Lighter on his feet after undergoing knee replacement surgery 10 weeks ago, Bruins coach Bruce Cassidy added considerable weight to his wallet Wednesday after signing a multiyear contract extension.
The new deal for Cassidy, 54, is believed to add three years to a contract that was set to expire next spring and likely pegs his compensation at approximately $3 million a season.
The Bruins announced the deal in the morning, some 48 hours prior to what will be Cassidy’s first on-ice practice session of this year’s training camp at Warrior Ice Arena in Brighton. The club, which Cassidy directed to Game 7 of the Stanley Cup Final in June, did not make public the details of the deal, other than to term it a “multiyear contract extension.”
Cassidy’s deal was negotiated by his agent, Francois Giguere, a Colorado-based financial adviser who formerly was the Avalanche general manager. Player agents are not allowed to negotiate contracts for coaches or team management.
Part of the trick in finalizing the deal, noted by both Cassidy and general manager Don Sweeney, was establishing salary comparables within a coaching class that includes only the 30 other bench bosses across the NHL.
“Quenneville is not a comparable; he’s got three Stanley Cups, I have zero,” said Cassidy, asked if Joel Quenneville, now the Panthers coach, and the likes of Mike Sullivan (two Cup wins with Pittsburgh) and Barry Trotz (2018 Cup winner with the Capitals) were his comps.
“We tried to find guys . . . with only 30 other coaches, it gets a little tougher at times. If you are ever going to hit a snag, it’s figuring out who [are] your comparables.”
Quenneville, Toronto’s Mike Babcock, Alain Vigneault in Philadelphia, Claude Julien in Montreal, Sullivan, and Trotz, now on Long Island, draw the largest coaching paychecks in the NHL these days. Quenneville’s new deal in Florida is believed to be about the same as Babcock’s at $6.25 million a year. Julien and Vigneault each earn $5 million, and Sullivan and Trotz about the same.
When asked to identify his comps, Cassidy noted Bill Peters (Calgary), John Hynes (New Jersey), Jeff Blashill (Detroit), Craig Berube (St. Louis), and Jon Cooper (Tampa Bay), though he noted Cooper was “a little bit ahead” with his time behind the Lightning bench.
“I might be missing a couple,” added Cassidy. “Then you have to take out the young guys and the old guys.”
Amid listing the names of other coaches, Cassidy glanced over to a smiling Sweeney at the news conference and broke into laughter.
“Donnie might know the comparables better,” added Cassidy. “I do have [an agent], so I just got a phone call and tried to rehab my knee and not worry about it too much.”
Sweeney promoted Cassidy to the job in February 2017, upon dismissing Julien, and has seen the ex-AHL Providence coach rattle off an eye-popping .670 winning percentage in 191 regular-season games (117-52-22).
Cassidy took over a club performing at a lackluster 26-23-6 in 2017, installed a more up-tempo attack virtually overnight, and directed it to the playoffs with an 18-8-1 record. In his two-plus seasons as bench boss, Cassidy has steered the Bruins through seven playoff rounds, including last spring’s trip to the Cup Final.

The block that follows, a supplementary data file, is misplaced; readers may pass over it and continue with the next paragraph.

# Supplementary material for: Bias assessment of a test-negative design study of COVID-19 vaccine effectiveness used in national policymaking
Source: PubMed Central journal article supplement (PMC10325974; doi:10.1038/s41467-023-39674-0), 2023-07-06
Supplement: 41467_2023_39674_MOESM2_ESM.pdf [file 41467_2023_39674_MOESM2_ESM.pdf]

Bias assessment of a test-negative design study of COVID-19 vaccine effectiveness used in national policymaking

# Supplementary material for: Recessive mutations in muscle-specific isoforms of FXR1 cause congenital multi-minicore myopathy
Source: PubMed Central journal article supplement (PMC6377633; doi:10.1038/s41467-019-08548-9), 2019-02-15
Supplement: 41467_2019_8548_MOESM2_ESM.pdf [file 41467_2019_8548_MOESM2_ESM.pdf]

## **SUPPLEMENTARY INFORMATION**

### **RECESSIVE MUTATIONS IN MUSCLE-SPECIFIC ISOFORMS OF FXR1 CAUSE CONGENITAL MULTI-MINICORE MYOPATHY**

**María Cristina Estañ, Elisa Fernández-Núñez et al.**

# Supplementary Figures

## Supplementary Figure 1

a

Noting that Cassidy “has earned the right to lead this club,” Sweeney enumerated the former defenseman’s coaching methods and characteristics, including his ability to alter personnel and assignments during a game.
“A really good bench coach to know who’s playing well and who’s not,” said Sweeney, who had a more rigid in-game coach in Julien for his first season-plus as GM. “He continues to evolve in terms of how quick to be on the trigger, move guys around, versus having patience.”
The move to install Cassidy, who joined the Boston staff as one of Julien’s assistants in the fall of 2016, has been among Sweeney’s best decisions. In Cassidy’s time, the Bruins have gone from a middle-of-the-road performer to a solid contender in the Eastern Conference.
Cassidy inherited a strong veteran core from Julien, but he has provided a master’s touch in working young players, such as Charlie McAvoy and Brandon Carlo on defense and Jake DeBrusk and Danton Heinen up front, into the lineup as regulars.
Cassidy has embraced the idea that the NHL, in large part because of the salary cap, must develop young talent through on-the-job training. If not for the surge of young players, Cassidy and Sweeney might already have gone looking for their next gigs.
His skill as a communicator, said team president Cam Neely, has been a key to Cassidy’s success.
“I think he’s got an open-door policy,” said Neely. “I think he communicates well — not only with the veteran leadership but also the young players. I think in today’s game you can’t just stick someone in a hole and tell them what to do and think they’re going to do it. I think it takes a lot more communication.”
Cassidy’s 2019-20 class reports to work Thursday in Brighton for physicals and the traditional media day, and the grind begins anew on Friday, with three practice days prior to the preseason opener Monday in New Jersey.
After only a year and a half on the job as the Capitals head coach (2002-04), his first top job in the NHL, it took Cassidy 13 years, including eight in Providence, to become the overnight sensation now in charge of a Boston team that he has shaped into a heavyweight contender in the East.
“As for getting a second chance, you never know,” mused Cassidy. “I always hoped I’d get one. I think every coach would tell you that — the first one that doesn’t work out, they’d like to learn from their mistakes and get another kick at the can.
“I did, and I am thankful for it — it’s worked out well so far.”